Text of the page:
If Labour finishes where the polls put it today, we are in for a staring contest doubling up as a game of ultra-high stakes bluff. To survive as an electable force, alone or as partner in an anti-Tory alliance, it is essential that Mr Balls reverts to form and blinks first. Labour's progressive forces must watch this Weeping Angel like hawks on the all-carrot diet. Take their eyes off him for a second, and he will send the party back almost 30 years to the internecine nightmare that so nearly obliterated it then.

Mandy hardly needs this advice, because he'll have worked it out a year ago, but some of his colleagues perhaps may. Don't look away, don't turn around, don't even blink. Blink and you're dead. Good luck.

React Now

Latest stories from i100
Have you tried new the Independent Digital Edition apps?
iJobs Job Widget
iJobs General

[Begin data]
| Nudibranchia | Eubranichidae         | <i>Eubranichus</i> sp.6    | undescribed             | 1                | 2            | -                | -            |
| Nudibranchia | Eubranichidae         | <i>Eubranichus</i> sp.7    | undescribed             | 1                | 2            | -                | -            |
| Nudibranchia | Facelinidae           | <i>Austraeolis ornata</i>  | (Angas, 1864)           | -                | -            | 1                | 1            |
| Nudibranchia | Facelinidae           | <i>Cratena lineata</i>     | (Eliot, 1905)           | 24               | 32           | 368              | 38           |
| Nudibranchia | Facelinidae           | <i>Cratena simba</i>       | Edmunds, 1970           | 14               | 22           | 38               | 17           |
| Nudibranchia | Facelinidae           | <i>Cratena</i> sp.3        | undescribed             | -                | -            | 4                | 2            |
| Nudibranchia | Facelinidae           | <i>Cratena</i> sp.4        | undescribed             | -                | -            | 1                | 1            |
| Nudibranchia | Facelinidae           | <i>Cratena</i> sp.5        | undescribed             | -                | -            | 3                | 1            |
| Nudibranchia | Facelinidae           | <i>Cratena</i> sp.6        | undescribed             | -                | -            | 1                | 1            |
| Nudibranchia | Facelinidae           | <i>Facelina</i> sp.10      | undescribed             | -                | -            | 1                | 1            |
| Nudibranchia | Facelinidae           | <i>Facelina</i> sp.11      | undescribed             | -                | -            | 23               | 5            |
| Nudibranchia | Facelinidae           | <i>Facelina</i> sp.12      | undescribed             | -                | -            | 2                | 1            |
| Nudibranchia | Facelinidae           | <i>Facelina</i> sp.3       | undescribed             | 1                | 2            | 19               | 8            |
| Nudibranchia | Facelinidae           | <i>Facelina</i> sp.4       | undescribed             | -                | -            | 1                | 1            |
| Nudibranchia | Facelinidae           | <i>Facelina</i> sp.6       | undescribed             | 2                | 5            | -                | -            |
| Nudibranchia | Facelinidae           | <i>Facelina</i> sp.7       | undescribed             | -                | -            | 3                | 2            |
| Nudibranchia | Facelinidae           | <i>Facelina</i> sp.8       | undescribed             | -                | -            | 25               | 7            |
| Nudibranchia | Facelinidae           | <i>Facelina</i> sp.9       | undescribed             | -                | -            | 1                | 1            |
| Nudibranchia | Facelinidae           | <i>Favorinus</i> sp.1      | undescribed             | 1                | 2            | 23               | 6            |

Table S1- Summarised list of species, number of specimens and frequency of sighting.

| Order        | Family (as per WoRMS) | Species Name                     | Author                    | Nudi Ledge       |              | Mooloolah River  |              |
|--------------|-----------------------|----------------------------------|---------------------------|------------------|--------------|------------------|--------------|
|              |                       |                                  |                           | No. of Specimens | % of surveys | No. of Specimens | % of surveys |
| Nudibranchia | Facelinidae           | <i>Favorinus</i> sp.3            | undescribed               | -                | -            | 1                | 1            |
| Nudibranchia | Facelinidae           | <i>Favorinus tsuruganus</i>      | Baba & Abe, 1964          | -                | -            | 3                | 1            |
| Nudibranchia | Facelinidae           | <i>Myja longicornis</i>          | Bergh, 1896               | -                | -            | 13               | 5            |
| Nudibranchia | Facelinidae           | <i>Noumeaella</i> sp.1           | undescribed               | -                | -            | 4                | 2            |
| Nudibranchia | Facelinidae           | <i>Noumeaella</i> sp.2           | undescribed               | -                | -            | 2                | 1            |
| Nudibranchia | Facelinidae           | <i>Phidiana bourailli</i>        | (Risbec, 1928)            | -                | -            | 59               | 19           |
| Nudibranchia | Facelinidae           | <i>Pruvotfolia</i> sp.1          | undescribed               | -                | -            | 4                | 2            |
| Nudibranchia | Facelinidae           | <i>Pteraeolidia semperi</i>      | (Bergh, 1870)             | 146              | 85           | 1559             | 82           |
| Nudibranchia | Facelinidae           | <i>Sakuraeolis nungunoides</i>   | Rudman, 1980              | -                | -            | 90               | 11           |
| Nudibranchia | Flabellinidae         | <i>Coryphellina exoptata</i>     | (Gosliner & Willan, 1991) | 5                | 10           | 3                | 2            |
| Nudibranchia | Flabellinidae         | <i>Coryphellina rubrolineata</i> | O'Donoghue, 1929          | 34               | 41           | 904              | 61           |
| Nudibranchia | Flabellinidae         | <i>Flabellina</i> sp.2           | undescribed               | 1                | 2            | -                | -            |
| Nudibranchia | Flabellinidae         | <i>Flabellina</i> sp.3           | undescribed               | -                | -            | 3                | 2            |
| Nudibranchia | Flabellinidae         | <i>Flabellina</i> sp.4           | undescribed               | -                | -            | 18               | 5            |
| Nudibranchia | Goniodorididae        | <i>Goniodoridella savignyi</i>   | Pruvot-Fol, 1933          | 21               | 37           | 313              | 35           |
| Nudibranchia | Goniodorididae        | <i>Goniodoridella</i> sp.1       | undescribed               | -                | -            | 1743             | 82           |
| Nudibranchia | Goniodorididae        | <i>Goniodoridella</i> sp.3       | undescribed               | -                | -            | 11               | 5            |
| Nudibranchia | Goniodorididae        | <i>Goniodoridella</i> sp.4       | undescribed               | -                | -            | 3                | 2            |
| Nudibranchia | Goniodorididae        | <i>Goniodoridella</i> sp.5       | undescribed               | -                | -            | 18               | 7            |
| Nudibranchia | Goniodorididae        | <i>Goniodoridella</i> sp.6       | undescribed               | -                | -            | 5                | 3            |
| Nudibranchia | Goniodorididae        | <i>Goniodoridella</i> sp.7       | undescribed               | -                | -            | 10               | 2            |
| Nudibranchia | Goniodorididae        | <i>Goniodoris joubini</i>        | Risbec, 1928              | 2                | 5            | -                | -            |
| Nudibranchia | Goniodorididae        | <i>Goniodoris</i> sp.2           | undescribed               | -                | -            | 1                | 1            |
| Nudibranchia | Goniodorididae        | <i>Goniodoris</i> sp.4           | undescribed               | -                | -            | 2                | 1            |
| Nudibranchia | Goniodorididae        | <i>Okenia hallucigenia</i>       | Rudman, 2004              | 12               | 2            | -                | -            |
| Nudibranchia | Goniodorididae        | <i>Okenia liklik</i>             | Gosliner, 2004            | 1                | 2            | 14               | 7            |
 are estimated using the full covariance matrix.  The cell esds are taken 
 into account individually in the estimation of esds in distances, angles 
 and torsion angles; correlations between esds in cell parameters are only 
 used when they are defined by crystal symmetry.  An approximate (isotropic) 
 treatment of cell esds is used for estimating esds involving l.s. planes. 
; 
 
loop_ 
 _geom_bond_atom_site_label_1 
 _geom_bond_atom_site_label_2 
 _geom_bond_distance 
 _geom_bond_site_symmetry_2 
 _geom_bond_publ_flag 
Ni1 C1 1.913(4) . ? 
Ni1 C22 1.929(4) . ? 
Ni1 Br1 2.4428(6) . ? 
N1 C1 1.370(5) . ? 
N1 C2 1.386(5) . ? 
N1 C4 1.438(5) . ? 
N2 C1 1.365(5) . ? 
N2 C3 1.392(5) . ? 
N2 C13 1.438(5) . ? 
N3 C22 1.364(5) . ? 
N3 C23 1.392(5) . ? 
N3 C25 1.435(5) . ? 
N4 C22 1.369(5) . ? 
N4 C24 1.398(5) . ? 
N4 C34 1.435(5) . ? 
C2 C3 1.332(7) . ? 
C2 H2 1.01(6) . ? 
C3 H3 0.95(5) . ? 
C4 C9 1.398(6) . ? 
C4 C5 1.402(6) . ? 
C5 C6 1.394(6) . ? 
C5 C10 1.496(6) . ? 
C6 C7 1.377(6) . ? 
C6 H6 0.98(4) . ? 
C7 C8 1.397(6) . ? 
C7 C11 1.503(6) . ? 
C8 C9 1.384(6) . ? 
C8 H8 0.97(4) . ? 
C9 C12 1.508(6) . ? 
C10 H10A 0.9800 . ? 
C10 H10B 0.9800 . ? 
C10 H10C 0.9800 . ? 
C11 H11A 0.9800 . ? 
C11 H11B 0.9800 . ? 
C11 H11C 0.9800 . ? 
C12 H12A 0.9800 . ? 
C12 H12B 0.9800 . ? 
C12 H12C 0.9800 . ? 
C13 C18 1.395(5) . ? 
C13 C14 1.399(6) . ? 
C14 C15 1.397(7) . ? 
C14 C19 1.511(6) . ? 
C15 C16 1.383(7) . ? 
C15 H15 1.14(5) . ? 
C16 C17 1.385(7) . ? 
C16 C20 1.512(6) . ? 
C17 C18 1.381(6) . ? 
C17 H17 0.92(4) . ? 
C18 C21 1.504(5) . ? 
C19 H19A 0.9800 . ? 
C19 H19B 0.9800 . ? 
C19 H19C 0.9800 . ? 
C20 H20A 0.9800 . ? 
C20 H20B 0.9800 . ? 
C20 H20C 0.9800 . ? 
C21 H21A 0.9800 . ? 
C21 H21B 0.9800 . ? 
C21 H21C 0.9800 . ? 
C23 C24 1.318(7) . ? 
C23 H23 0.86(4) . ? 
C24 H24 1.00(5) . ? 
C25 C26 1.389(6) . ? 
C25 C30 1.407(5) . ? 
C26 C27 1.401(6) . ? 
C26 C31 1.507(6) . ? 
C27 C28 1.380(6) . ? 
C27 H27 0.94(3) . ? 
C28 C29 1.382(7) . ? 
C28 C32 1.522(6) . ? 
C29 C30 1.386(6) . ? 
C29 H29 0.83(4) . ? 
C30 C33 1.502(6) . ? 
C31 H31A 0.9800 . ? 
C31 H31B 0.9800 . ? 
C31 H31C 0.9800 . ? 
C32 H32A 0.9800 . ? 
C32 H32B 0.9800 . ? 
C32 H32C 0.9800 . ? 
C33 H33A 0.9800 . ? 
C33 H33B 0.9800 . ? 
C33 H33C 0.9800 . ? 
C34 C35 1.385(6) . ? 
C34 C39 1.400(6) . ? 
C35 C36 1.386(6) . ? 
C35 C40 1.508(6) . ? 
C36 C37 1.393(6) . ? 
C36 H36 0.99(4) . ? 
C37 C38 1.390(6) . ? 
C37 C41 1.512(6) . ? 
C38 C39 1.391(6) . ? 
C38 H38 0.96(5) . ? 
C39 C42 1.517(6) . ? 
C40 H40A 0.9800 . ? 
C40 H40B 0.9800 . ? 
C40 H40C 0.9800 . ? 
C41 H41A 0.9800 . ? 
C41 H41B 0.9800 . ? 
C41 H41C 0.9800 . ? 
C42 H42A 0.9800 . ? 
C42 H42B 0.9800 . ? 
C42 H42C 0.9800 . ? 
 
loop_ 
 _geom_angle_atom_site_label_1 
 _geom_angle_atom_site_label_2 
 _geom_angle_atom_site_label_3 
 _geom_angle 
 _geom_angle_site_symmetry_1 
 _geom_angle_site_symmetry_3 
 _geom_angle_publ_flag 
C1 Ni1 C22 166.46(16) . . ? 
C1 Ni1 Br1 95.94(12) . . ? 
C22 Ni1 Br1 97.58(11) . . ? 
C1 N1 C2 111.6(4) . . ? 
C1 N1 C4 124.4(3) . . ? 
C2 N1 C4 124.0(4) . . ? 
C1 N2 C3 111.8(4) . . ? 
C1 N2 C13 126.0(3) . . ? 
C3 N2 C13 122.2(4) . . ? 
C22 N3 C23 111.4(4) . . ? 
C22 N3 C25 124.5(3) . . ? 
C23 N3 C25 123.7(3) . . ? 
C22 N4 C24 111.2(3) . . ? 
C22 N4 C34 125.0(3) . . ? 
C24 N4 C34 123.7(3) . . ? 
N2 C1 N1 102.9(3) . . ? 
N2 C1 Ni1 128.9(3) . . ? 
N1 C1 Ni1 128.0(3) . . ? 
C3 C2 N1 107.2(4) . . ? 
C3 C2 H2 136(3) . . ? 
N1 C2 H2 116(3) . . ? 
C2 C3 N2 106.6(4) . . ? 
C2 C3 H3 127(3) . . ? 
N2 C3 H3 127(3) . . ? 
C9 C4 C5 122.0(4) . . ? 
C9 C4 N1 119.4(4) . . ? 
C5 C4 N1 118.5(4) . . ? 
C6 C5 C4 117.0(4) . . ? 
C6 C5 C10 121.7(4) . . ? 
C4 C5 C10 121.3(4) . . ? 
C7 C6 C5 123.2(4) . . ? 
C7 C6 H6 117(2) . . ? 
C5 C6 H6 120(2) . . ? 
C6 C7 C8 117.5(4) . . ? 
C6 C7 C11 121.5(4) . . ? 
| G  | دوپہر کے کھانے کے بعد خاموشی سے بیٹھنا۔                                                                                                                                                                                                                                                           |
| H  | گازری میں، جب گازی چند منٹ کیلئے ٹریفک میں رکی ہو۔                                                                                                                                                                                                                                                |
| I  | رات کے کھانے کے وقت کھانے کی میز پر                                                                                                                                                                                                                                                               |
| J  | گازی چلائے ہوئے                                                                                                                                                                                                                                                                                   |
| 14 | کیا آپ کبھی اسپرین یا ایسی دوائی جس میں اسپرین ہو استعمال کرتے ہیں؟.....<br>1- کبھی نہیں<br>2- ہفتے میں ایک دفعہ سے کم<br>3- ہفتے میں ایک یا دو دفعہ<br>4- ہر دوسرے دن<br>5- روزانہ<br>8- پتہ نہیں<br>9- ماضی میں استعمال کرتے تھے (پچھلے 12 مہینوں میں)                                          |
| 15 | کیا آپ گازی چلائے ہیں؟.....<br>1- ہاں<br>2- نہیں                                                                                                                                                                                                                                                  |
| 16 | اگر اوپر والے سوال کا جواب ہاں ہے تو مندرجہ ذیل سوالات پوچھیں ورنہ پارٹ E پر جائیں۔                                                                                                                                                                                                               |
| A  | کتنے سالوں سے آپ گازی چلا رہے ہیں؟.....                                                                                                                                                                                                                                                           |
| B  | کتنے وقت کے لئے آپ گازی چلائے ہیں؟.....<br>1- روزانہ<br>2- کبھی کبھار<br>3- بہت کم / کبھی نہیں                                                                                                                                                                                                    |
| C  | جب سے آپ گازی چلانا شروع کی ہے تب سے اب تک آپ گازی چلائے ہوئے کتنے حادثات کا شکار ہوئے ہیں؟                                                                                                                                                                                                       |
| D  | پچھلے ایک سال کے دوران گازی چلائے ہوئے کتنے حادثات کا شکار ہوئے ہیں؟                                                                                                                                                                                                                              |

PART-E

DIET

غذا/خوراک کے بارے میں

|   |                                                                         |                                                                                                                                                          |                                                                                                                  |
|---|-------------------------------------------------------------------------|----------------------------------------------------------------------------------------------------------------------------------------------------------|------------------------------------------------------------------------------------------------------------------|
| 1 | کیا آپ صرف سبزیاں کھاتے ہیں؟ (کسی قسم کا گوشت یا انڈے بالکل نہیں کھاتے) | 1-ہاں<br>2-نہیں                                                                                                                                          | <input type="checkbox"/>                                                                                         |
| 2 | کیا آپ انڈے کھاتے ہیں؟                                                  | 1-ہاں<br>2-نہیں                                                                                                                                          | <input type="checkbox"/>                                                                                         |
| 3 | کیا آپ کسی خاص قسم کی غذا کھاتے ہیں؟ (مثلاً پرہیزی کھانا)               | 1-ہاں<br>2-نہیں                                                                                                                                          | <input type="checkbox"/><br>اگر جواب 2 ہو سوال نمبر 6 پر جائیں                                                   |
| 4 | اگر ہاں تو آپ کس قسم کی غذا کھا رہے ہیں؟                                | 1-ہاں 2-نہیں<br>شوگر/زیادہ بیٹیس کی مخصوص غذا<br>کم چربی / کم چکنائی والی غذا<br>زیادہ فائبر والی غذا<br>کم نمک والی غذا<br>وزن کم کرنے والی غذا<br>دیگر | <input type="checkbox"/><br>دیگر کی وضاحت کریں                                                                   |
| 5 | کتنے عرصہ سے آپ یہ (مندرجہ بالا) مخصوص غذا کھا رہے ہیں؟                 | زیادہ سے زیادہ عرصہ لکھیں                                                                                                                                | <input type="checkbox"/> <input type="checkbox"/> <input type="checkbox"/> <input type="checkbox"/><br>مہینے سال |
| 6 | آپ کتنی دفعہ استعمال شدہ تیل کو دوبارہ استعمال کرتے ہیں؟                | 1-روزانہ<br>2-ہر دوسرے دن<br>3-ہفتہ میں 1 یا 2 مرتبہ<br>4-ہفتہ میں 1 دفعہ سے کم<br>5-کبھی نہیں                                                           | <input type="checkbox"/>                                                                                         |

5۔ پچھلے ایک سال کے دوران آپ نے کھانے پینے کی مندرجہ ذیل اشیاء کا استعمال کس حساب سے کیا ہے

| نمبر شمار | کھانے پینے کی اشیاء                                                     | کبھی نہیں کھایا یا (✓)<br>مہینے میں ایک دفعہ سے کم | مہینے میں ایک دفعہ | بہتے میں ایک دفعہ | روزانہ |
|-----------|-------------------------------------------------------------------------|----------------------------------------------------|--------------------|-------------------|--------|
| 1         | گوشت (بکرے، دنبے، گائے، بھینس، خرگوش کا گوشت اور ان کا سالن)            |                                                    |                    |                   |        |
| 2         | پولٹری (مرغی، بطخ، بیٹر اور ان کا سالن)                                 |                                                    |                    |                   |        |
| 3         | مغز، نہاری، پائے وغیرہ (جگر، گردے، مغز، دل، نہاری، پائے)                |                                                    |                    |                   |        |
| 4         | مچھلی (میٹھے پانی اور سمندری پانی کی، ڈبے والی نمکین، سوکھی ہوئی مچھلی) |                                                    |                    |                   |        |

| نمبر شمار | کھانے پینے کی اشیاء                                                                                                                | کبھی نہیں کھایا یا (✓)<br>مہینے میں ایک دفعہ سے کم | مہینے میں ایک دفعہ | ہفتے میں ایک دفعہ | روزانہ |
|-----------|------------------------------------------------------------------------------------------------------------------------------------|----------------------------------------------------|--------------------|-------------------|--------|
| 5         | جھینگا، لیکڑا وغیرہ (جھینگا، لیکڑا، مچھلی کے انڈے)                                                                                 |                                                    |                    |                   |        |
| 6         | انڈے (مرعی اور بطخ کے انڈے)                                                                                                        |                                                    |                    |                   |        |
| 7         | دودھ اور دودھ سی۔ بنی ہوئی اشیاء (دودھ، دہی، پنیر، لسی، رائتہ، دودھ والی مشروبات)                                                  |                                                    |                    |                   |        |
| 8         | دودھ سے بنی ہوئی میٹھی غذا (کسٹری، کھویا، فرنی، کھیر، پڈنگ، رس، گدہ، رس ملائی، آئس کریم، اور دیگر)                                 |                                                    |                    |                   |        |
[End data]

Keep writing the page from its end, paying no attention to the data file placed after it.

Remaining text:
Year 5 Teacher

£80 - £140 per day: Randstad Education Leeds: Year 5 Teacher KS2 teaching job...

Software Developer

£35000 - £45000 Per Annum Pensions Scheme After 6 Months: Clearwater People So...

Systems Analyst / Business Analyst - Central London

£35000 - £37000 per annum + Benefits: Ashdown Group: Systems Analyst / Busines...

Senior Change Engineer (Network, Cisco, Juniper) £30k

£30000 - £35000 per annum + Benefits: Ampersand Consulting LLP: Senior Change ...

Day In a Page

Read Next
 

i Editor's Letter: A huge step forward in medical science, but we're not all the way there yet

Oliver Duff Oliver Duff
David Cameron has painted a scary picture of what life would be like under a Labour government  

You want constitutional change? Fixed-term parliaments have already done the job

Steve Richards
Two super-sized ships have cruised into British waters, but how big can these behemoths get?

Super-sized ships: How big can they get?

Two of the largest vessels in the world cruised into UK waters last week
British doctors on brink of 'cure' for paralysis with spinal cord treatment

British doctors on brink of cure for paralysis

Sufferers can now be offered the possibility of cure thanks to a revolutionary implant of regenerative cells
Ranked seventh in world’s best tourist cities - not London, or Edinburgh, but Salisbury

Salisbury ranked seventh in world’s best tourist cities

The city is home to one of the four surviving copies of the Magna Carta, along with the world’s oldest mechanical clock